Community “village” clinics: Small satellite clinics exist in the number of the surrounding communities, and they are mostly owned and operated by SEARHC. These clinics are staffed by community health aide practitioners (CHAPs), nurse practitioners, physician assistants, and community family service workers. The smallest clinics may only have a CHAP present. A CHAP is a distinct form of medical provider who is a resident of the village where he or she works. They have been given several intensive 6 week training courses in the practical care of common medical problems. The training level can be thought of as something akin to a paramedic with ambulatory care skills. They use the Community Health Aide Manual (CHAM) to help them through their encounters with patients. Spend some time reading through the CHAM, and feel free to reference if during your time in clinic. If you interact with health aides, pay attention! There are some outstanding health aides in this consortium, and you could learn a great deal from them. The larger outlying clinics such as Juneau, Haines, and Prince of Whales Island (Klawok and Craig) have physicians on their staff. The health care providers from these outlying clinics are in contact with physicians at Mt. Edgecumbe hospital on a regular basis to discuss the care of patients and to arrange transport to Sitka via medevac or commercial flight for those needing hospitalization. This aspect of “radio medical traffic” is unique to rural Alaska practice, and requires excellent communication skills, patience, and good triage skills. Try to listen in as your attending physicians in Sitka take calls from the field.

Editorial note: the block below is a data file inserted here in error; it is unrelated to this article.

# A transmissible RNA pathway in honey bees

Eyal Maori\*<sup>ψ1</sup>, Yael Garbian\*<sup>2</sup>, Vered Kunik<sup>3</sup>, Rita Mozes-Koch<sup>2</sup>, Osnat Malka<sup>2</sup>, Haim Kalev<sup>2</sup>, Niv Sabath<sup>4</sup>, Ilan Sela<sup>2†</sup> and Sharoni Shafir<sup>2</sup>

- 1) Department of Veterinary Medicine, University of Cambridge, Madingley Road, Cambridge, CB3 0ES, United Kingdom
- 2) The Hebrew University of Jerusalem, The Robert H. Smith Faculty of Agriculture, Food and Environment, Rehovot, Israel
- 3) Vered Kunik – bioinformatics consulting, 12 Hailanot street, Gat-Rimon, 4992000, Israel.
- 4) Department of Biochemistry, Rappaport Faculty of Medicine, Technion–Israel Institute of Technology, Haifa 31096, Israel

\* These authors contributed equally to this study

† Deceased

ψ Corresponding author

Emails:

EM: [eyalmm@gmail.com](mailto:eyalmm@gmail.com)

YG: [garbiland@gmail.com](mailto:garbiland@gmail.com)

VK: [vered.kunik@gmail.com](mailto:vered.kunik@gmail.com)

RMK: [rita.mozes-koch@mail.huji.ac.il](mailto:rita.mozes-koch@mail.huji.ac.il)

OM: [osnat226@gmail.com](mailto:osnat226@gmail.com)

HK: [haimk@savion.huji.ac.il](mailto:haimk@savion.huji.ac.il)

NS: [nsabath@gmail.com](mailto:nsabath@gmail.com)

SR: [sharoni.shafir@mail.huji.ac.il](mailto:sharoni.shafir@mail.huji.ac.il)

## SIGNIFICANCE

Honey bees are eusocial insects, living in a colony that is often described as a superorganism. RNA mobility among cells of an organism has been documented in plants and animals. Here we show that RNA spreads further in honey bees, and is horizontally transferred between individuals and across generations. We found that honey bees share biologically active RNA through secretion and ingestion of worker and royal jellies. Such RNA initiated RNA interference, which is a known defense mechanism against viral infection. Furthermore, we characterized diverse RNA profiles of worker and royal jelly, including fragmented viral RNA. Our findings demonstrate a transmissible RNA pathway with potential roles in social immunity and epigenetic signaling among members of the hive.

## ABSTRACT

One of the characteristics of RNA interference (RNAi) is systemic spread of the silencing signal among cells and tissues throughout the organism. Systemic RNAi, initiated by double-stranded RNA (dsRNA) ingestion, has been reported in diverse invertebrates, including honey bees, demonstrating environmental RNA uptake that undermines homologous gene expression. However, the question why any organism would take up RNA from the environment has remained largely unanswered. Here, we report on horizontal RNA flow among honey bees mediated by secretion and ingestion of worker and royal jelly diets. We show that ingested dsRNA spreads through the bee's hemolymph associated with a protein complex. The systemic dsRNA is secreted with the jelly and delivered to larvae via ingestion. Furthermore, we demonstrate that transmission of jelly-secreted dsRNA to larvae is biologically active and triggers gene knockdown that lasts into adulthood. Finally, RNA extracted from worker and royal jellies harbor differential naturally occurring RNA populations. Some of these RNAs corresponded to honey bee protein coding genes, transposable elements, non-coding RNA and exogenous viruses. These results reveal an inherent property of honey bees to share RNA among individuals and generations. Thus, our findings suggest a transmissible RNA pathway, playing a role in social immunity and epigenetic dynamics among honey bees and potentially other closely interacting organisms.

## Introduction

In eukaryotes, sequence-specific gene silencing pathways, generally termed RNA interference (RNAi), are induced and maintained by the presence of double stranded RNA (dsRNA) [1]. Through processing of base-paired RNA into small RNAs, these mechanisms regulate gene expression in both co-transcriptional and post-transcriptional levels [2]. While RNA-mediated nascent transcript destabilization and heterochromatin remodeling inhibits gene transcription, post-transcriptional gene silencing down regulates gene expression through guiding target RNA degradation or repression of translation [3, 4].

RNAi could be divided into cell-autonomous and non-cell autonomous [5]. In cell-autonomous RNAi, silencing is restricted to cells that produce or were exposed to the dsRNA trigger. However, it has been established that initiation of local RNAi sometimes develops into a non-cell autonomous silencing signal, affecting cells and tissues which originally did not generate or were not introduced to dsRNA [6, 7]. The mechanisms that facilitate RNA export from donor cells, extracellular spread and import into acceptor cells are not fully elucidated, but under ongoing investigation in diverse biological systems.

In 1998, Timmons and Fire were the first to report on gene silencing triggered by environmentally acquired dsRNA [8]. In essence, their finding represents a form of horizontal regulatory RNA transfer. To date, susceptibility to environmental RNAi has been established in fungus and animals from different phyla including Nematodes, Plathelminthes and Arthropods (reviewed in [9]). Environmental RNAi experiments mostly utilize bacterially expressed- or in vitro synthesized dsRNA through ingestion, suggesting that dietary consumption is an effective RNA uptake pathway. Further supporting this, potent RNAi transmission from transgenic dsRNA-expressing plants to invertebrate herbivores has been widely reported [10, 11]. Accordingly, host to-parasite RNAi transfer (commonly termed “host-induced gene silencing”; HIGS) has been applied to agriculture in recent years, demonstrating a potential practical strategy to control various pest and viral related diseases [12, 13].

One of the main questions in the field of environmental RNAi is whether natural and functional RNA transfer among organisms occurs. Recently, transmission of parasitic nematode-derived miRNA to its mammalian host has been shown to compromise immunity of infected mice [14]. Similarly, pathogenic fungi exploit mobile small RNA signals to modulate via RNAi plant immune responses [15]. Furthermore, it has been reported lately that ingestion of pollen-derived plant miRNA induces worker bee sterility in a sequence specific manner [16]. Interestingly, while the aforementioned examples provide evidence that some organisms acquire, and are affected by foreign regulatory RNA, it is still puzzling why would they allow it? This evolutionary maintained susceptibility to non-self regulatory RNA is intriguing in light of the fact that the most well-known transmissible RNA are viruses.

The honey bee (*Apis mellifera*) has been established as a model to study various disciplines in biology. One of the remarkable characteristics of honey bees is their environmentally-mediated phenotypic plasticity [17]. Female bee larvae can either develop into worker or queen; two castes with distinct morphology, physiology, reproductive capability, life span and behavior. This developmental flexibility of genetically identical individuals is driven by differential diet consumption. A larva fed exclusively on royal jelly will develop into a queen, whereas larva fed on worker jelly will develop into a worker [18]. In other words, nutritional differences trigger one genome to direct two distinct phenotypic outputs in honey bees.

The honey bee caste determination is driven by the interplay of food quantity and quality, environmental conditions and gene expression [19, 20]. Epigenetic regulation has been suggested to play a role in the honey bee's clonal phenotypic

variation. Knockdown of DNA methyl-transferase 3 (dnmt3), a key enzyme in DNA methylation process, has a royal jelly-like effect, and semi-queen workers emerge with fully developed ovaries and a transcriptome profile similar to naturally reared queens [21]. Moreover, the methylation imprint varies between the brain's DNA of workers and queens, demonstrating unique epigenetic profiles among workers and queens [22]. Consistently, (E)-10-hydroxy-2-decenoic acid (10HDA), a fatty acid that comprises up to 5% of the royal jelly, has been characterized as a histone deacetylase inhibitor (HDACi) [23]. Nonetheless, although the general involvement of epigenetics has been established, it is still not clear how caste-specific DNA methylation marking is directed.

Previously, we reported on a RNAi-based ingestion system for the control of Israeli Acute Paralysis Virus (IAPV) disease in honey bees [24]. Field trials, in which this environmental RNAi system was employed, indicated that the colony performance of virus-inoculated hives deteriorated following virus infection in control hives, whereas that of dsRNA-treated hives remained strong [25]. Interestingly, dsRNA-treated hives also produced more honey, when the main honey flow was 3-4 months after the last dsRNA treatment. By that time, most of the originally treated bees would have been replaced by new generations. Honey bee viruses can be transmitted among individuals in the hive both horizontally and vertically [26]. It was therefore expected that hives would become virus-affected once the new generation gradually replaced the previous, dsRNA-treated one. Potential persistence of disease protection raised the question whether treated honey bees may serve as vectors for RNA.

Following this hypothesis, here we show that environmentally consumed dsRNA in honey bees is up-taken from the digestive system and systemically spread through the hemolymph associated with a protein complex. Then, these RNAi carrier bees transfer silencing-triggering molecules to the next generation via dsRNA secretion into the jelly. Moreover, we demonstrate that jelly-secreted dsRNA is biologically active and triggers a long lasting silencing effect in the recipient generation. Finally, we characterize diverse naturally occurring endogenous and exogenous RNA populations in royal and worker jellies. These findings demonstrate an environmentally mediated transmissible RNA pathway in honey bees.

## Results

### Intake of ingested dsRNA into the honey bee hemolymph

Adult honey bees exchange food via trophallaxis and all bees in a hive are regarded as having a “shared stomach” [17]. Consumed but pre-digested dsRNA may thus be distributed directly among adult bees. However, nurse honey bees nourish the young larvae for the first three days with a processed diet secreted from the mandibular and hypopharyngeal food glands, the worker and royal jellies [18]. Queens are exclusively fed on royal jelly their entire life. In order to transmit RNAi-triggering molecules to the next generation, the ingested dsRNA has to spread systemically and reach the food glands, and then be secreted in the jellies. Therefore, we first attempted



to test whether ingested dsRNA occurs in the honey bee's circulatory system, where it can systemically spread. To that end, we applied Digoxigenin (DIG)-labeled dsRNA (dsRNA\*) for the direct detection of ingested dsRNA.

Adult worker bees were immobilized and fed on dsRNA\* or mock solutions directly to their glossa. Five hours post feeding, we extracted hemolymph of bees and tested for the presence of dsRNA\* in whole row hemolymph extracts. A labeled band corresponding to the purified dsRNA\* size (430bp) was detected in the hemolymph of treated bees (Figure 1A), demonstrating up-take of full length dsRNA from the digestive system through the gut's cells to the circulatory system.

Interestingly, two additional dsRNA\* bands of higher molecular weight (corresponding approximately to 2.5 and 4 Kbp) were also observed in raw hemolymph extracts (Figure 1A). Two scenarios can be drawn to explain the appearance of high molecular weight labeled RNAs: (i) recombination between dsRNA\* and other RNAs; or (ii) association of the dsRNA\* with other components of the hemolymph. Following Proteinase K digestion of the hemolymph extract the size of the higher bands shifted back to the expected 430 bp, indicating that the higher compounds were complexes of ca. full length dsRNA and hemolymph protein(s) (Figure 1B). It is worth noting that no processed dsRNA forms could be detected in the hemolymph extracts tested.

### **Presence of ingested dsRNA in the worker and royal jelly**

Specific members of the medical staff are assigned to specific villages. For example, Dr. Vega is assigned to Angoon, and Dr. Edwards to Kake. These physicians are responsible for supervising the medical care within that clinic and being a liaison for patients from that clinic to the hospital and the rest of the system. These physicians also travel to their respective clinics for “field health clinics” four times a year.

Hospital Services: There are a wide variety of ancillary services available at MEH. This includes radiology, laboratory, pharmacy, optometry, dental, audiology, and respiratory therapy. In addition to the primary care staff the medical staff also includes a general surgeon, Dr. McPherson and one OB/GYN, Dr. Salinas; and an ENT, Dr. Ainsworth. The ground level of the hospital has business offices, surgery clinics, the ER, respiratory therapy, and the cafeteria. The first floor has primary care clinics, radiology, pharmacy, physical therapy, optometry, and dental clinics. The second floor has labor and delivery, general surgery beds, the operating room, and the 3 bed critical care unit. The third floor has the “acute medical service” or general medical-surgical beds as well as perioperative services. The fourth floor has medical staff offices and business offices.